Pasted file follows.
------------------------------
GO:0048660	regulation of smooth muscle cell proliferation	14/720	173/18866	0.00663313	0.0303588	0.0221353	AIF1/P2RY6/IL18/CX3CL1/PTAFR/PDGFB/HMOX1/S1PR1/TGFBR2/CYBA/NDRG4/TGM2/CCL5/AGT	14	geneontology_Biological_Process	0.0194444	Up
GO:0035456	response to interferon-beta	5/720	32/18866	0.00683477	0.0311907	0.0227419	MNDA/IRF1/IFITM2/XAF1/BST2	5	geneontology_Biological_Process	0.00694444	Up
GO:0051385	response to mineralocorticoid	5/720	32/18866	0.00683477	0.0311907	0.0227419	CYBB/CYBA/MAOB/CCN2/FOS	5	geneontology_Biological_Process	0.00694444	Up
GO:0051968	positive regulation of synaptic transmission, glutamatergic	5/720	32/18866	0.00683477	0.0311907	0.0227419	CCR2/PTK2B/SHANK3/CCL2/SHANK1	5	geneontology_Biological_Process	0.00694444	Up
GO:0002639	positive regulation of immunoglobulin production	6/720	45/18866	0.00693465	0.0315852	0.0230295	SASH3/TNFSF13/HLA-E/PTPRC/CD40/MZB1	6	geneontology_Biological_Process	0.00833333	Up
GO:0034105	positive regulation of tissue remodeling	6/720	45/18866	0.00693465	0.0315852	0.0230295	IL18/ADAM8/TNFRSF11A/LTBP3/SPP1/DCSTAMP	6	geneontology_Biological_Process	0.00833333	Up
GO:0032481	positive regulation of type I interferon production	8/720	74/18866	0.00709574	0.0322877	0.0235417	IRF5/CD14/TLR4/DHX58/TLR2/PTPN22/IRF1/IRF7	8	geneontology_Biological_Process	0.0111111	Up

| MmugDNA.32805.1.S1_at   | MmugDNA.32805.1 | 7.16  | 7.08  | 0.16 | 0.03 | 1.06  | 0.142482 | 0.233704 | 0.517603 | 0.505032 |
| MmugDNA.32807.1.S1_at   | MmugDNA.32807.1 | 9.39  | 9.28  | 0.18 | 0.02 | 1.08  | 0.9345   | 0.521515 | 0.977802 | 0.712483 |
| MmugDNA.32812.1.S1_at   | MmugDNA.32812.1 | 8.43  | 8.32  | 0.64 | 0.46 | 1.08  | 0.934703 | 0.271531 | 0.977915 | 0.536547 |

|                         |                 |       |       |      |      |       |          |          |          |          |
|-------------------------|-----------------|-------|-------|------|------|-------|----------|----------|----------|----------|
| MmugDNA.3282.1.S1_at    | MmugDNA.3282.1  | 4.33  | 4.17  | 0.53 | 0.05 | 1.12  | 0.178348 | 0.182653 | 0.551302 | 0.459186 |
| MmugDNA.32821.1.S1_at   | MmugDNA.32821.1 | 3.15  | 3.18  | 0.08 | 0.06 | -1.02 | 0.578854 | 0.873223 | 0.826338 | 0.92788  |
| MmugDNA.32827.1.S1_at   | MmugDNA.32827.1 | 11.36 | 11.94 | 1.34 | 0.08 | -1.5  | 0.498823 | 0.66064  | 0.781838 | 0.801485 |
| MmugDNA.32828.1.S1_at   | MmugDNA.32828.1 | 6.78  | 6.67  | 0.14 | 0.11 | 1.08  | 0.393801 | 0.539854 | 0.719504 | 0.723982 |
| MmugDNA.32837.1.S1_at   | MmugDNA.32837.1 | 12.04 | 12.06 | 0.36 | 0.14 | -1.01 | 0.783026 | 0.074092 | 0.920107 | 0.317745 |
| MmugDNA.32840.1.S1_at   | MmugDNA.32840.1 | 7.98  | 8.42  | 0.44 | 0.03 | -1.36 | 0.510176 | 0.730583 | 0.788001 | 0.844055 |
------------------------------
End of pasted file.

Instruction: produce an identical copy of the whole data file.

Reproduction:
GO:0048660	regulation of smooth muscle cell proliferation	14/720	173/18866	0.00663313	0.0303588	0.0221353	AIF1/P2RY6/IL18/CX3CL1/PTAFR/PDGFB/HMOX1/S1PR1/TGFBR2/CYBA/NDRG4/TGM2/CCL5/AGT	14	geneontology_Biological_Process	0.0194444	Up
GO:0035456	response to interferon-beta	5/720	32/18866	0.00683477	0.0311907	0.0227419	MNDA/IRF1/IFITM2/XAF1/BST2	5	geneontology_Biological_Process	0.00694444	Up
GO:0051385	response to mineralocorticoid	5/720	32/18866	0.00683477	0.0311907	0.0227419	CYBB/CYBA/MAOB/CCN2/FOS	5	geneontology_Biological_Process	0.00694444	Up
GO:0051968	positive regulation of synaptic transmission, glutamatergic	5/720	32/18866	0.00683477	0.0311907	0.0227419	CCR2/PTK2B/SHANK3/CCL2/SHANK1	5	geneontology_Biological_Process	0.00694444	Up
GO:0002639	positive regulation of immunoglobulin production	6/720	45/18866	0.00693465	0.0315852	0.0230295	SASH3/TNFSF13/HLA-E/PTPRC/CD40/MZB1	6	geneontology_Biological_Process	0.00833333	Up
GO:0034105	positive regulation of tissue remodeling	6/720	45/18866	0.00693465	0.0315852	0.0230295	IL18/ADAM8/TNFRSF11A/LTBP3/SPP1/DCSTAMP	6	geneontology_Biological_Process	0.00833333	Up
GO:0032481	positive regulation of type I interferon production	8/720	74/18866	0.00709574	0.0322877	0.0235417	IRF5/CD14/TLR4/DHX58/TLR2/PTPN22/IRF1/IRF7	8	geneontology_Biological_Process	0.0111111	Up

| MmugDNA.32805.1.S1_at   | MmugDNA.32805.1 | 7.16  | 7.08  | 0.16 | 0.03 | 1.06  | 0.142482 | 0.233704 | 0.517603 | 0.505032 |
| MmugDNA.32807.1.S1_at   | MmugDNA.32807.1 | 9.39  | 9.28  | 0.18 | 0.02 | 1.08  | 0.9345   | 0.521515 | 0.977802 | 0.712483 |
| MmugDNA.32812.1.S1_at   | MmugDNA.32812.1 | 8.43  | 8.32  | 0.64 | 0.46 | 1.08  | 0.934703 | 0.271531 | 0.977915 | 0.536547 |

|                         |                 |       |       |      |      |       |          |          |          |          |
|-------------------------|-----------------|-------|-------|------|------|-------|----------|----------|----------|----------|
| MmugDNA.3282.1.S1_at    | MmugDNA.3282.1  | 4.33  | 4.17  | 0.53 | 0.05 | 1.12  | 0.178348 | 0.182653 | 0.551302 | 0.459186 |
| MmugDNA.32821.1.S1_at   | MmugDNA.32821.1 | 3.15  | 3.18  | 0.08 | 0.06 | -1.02 | 0.578854 | 0.873223 | 0.826338 | 0.92788  |
| MmugDNA.32827.1.S1_at   | MmugDNA.32827.1 | 11.36 | 11.94 | 1.34 | 0.08 | -1.5  | 0.498823 | 0.66064  | 0.781838 | 0.801485 |
| MmugDNA.32828.1.S1_at   | MmugDNA.32828.1 | 6.78  | 6.67  | 0.14 | 0.11 | 1.08  | 0.393801 | 0.539854 | 0.719504 | 0.723982 |
| MmugDNA.32837.1.S1_at   | MmugDNA.32837.1 | 12.04 | 12.06 | 0.36 | 0.14 | -1.01 | 0.783026 | 0.074092 | 0.920107 | 0.317745 |
| MmugDNA.32840.1.S1_at   | MmugDNA.32840.1 | 7.98  | 8.42  | 0.44 | 0.03 | -1.36 | 0.510176 | 0.730583 | 0.788001 | 0.844055 |